The Kepler Space Telescope Is Broken Again

Artist’s concept of the Kepler Space Telescope, via NASA/Ames/JPL-Caltech
Artist’s concept of the Kepler Space Telescope, via NASA/Ames/JPL-Caltech

NASA’S Kepler Space telescope might have gotten a new lease on life in 2014 when scientists figured out how to repurpose the damaged telescope, but it now appears that it’s in trouble once again.


According to the space agency, the spacecraft’s mission operations engineers discovered on Thursday that Kepler was in Emergency Mode. The new priorities for the ground team is to regain control of the spacecraft, which has been working on NASA’s K2 mission. Their next part of their mission had been to orient the telescope towards the center of the Milky Way.

Emergency Mode is the state in which the spacecraft is in it’s “lowest operational mode”, but which is also “fuel intensive.” How this will impact the telescope’s ongoing mission is unclear.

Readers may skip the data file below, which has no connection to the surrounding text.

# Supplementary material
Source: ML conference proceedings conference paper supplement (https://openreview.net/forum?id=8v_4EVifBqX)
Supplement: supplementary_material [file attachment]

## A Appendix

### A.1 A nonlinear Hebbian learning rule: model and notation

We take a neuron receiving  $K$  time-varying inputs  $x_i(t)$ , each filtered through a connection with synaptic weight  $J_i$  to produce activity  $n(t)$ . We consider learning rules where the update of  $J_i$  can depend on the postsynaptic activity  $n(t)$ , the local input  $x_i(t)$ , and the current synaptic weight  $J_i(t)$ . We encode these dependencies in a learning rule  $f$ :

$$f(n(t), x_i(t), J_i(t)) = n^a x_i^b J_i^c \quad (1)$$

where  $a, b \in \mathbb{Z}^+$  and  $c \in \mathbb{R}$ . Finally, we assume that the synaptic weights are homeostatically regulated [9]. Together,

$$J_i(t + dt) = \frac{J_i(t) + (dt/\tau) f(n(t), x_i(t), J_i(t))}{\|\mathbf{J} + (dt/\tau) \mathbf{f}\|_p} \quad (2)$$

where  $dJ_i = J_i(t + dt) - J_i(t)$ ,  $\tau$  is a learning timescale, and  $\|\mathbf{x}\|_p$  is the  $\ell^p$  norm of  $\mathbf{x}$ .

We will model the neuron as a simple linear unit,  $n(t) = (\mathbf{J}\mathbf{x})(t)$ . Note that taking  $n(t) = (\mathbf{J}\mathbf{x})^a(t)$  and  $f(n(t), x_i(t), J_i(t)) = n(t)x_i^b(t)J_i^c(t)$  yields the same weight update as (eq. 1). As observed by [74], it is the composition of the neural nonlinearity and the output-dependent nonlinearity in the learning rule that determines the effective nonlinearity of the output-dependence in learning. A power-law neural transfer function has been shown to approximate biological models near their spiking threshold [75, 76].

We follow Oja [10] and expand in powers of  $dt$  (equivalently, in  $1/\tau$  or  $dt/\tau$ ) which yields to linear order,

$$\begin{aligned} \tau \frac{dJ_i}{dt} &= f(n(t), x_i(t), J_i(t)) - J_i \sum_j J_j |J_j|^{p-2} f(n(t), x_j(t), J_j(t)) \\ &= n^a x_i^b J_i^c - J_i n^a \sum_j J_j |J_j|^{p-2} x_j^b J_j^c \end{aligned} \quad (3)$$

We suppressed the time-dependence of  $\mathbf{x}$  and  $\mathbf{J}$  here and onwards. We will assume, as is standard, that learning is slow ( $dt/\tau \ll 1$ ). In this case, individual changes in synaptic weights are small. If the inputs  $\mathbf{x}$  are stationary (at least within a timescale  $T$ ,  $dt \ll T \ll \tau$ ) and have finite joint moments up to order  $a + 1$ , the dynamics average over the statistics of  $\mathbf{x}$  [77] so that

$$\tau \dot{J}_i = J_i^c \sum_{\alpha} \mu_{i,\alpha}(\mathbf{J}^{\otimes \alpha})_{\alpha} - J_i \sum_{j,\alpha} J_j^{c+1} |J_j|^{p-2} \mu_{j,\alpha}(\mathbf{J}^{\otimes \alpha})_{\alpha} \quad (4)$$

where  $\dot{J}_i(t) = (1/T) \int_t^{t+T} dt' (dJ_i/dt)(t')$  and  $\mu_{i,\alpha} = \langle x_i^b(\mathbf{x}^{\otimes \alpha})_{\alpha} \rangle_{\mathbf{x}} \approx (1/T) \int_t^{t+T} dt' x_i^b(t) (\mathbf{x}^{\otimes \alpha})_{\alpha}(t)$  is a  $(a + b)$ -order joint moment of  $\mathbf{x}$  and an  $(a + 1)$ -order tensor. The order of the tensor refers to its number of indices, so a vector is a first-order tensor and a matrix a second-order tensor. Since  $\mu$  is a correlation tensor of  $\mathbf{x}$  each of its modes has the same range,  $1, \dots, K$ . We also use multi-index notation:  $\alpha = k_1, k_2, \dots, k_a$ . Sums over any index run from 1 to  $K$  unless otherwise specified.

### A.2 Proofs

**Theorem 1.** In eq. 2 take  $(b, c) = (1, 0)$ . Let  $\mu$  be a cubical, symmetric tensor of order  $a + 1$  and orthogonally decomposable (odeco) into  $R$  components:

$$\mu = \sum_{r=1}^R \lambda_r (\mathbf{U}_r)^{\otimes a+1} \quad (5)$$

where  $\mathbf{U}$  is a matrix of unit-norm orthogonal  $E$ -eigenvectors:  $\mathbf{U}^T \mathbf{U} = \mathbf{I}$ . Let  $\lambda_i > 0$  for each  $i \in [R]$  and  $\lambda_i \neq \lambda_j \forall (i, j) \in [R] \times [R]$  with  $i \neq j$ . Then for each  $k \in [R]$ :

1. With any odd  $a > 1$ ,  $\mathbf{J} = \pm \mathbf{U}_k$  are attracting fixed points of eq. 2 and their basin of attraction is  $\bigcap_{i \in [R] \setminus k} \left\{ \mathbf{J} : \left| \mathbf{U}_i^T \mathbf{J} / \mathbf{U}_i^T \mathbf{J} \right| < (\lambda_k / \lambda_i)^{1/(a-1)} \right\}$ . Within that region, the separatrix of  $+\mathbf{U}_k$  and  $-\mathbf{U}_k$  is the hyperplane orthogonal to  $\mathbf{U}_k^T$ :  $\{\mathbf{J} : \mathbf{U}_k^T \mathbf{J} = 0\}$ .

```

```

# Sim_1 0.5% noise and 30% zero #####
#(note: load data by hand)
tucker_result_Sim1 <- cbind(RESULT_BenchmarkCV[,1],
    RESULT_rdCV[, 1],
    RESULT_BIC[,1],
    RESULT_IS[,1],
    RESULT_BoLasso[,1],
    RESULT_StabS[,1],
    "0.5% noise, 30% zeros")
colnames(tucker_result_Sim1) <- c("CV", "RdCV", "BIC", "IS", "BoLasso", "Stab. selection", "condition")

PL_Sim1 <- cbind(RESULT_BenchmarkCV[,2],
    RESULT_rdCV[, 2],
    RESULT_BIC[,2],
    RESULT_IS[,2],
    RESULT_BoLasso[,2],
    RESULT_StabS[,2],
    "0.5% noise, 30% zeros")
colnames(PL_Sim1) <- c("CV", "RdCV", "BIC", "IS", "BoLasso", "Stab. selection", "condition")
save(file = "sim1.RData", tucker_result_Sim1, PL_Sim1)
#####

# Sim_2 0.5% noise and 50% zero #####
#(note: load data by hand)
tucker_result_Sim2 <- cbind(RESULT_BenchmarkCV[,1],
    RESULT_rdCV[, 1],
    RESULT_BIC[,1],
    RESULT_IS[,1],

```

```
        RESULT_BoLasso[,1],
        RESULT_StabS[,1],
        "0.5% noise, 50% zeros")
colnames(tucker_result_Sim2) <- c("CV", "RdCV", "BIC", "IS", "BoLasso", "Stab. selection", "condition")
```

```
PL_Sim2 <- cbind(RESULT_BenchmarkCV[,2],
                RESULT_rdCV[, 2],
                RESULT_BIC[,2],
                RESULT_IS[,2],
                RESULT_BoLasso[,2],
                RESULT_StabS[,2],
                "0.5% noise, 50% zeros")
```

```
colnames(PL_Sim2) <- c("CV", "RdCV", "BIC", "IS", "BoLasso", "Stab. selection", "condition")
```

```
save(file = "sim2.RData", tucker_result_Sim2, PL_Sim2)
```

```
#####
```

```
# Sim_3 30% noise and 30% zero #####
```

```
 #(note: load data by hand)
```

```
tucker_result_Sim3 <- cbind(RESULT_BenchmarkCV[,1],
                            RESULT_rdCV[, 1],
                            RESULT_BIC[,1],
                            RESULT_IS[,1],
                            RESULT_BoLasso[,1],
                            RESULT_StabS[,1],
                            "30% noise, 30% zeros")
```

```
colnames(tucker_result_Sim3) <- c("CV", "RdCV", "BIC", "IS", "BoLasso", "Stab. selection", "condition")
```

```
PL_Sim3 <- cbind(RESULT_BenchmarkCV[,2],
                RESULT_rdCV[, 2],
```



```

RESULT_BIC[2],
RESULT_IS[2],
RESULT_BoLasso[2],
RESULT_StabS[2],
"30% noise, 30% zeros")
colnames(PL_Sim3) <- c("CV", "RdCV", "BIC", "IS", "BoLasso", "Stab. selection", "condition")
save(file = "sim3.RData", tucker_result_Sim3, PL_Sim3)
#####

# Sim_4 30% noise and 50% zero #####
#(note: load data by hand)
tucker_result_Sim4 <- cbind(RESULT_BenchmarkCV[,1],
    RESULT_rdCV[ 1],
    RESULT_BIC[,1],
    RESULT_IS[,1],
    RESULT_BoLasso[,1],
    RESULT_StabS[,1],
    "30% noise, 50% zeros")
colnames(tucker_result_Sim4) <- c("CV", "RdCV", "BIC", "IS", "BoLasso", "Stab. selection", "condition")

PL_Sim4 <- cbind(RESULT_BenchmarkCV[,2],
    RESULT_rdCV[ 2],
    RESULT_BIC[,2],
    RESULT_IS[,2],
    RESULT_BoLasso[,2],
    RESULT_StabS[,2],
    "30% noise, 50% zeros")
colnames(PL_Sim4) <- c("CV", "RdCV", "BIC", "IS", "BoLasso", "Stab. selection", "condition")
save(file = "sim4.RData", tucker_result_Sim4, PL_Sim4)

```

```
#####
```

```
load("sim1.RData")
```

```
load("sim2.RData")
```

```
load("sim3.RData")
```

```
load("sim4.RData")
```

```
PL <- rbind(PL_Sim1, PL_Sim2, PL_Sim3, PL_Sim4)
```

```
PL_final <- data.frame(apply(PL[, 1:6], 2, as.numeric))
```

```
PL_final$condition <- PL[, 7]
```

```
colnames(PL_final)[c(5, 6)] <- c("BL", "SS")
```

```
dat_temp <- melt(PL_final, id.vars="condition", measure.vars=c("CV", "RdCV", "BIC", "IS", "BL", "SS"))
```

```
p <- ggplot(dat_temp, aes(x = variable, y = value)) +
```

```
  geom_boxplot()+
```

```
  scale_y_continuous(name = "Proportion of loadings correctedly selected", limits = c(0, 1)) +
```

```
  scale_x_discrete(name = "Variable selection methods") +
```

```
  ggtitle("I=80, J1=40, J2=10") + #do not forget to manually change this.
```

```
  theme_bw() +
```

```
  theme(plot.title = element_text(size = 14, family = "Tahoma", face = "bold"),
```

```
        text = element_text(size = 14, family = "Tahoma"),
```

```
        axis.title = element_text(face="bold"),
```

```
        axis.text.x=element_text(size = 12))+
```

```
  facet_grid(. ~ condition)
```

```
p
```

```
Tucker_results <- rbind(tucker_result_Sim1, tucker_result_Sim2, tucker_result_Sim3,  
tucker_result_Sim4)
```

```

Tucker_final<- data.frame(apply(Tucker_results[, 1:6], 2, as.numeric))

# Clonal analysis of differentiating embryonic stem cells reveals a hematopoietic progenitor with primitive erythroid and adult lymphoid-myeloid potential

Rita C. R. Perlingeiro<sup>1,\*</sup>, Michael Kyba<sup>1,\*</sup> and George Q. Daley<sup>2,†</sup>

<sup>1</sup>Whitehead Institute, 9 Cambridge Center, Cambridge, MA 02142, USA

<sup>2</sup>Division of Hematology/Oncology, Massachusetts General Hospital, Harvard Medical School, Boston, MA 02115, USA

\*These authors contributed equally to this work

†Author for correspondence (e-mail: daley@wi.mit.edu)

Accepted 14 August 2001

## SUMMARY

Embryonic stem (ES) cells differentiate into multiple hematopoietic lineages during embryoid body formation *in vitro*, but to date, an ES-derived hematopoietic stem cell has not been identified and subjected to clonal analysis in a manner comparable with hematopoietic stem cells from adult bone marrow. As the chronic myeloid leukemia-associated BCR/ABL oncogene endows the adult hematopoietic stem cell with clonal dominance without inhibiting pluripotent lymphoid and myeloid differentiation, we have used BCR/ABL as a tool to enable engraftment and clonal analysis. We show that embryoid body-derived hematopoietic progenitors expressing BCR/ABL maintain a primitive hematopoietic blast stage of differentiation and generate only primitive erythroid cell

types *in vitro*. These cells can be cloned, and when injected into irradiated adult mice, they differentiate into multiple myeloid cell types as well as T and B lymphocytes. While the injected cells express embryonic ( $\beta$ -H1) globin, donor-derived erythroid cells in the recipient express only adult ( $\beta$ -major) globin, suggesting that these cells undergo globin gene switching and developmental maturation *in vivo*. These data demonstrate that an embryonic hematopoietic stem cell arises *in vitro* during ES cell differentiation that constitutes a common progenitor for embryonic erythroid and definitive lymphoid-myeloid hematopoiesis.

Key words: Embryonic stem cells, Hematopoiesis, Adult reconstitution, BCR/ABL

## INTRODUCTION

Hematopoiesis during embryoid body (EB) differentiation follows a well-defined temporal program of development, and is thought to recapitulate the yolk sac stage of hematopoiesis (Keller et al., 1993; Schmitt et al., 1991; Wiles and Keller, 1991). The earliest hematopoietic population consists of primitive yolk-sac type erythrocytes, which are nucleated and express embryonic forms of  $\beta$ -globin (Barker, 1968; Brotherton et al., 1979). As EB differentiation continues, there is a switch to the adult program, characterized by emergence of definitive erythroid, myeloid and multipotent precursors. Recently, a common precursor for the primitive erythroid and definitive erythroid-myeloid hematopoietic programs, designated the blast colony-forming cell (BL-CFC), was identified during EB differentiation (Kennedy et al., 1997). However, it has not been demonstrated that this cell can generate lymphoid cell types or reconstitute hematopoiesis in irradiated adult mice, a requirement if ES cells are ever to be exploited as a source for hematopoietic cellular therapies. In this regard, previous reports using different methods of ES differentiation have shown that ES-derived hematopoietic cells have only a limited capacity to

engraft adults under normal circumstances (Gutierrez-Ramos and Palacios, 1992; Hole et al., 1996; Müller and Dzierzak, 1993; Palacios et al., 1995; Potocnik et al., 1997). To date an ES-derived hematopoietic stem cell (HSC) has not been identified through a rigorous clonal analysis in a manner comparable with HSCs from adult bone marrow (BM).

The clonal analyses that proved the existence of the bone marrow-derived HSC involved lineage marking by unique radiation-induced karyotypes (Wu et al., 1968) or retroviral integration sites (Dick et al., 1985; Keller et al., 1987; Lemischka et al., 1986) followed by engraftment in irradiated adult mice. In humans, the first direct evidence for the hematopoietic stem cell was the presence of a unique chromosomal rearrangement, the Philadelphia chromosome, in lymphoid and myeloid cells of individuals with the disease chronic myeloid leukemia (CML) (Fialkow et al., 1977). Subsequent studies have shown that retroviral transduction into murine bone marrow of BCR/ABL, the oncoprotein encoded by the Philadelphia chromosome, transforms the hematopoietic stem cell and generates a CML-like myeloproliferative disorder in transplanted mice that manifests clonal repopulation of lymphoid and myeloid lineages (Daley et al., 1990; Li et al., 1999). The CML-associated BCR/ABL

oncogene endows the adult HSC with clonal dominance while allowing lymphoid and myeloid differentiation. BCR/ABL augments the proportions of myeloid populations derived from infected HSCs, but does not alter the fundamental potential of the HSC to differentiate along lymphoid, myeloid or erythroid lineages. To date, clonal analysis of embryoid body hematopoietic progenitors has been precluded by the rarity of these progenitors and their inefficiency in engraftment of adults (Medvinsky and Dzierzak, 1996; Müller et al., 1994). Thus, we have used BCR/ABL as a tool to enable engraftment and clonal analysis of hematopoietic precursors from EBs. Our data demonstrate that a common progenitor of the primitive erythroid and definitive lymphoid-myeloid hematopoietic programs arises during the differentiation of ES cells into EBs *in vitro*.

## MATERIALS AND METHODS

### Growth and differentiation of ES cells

This isn’t the first or even second time the spacecraft has suffered a serious setback. Kepler is currently located almost 75 million miles away from Earth, which means that any signal takes 13 minutes to travel out and back.

The last regular contact with the spacecraft found that it was in good shape, on April 4th.

[NASA via Engadget]

Andrew Liptak is the former Weekend editor of io9/Gizmodo. He is the co-editor of War Stories: New Military Science Fiction and hails from Vermont.


I’m glad that they’ve been able to keep Kepler going this long, but it seems like space telescopes break down a lot. I mean I recall Hubble having a lot of trouble soon after it was initially launched, although it’s been an overall resounding success.

Is it because it’s just that difficult to make telescopes work in space or is it because we haven’t ironed out all the engineering challenges yet?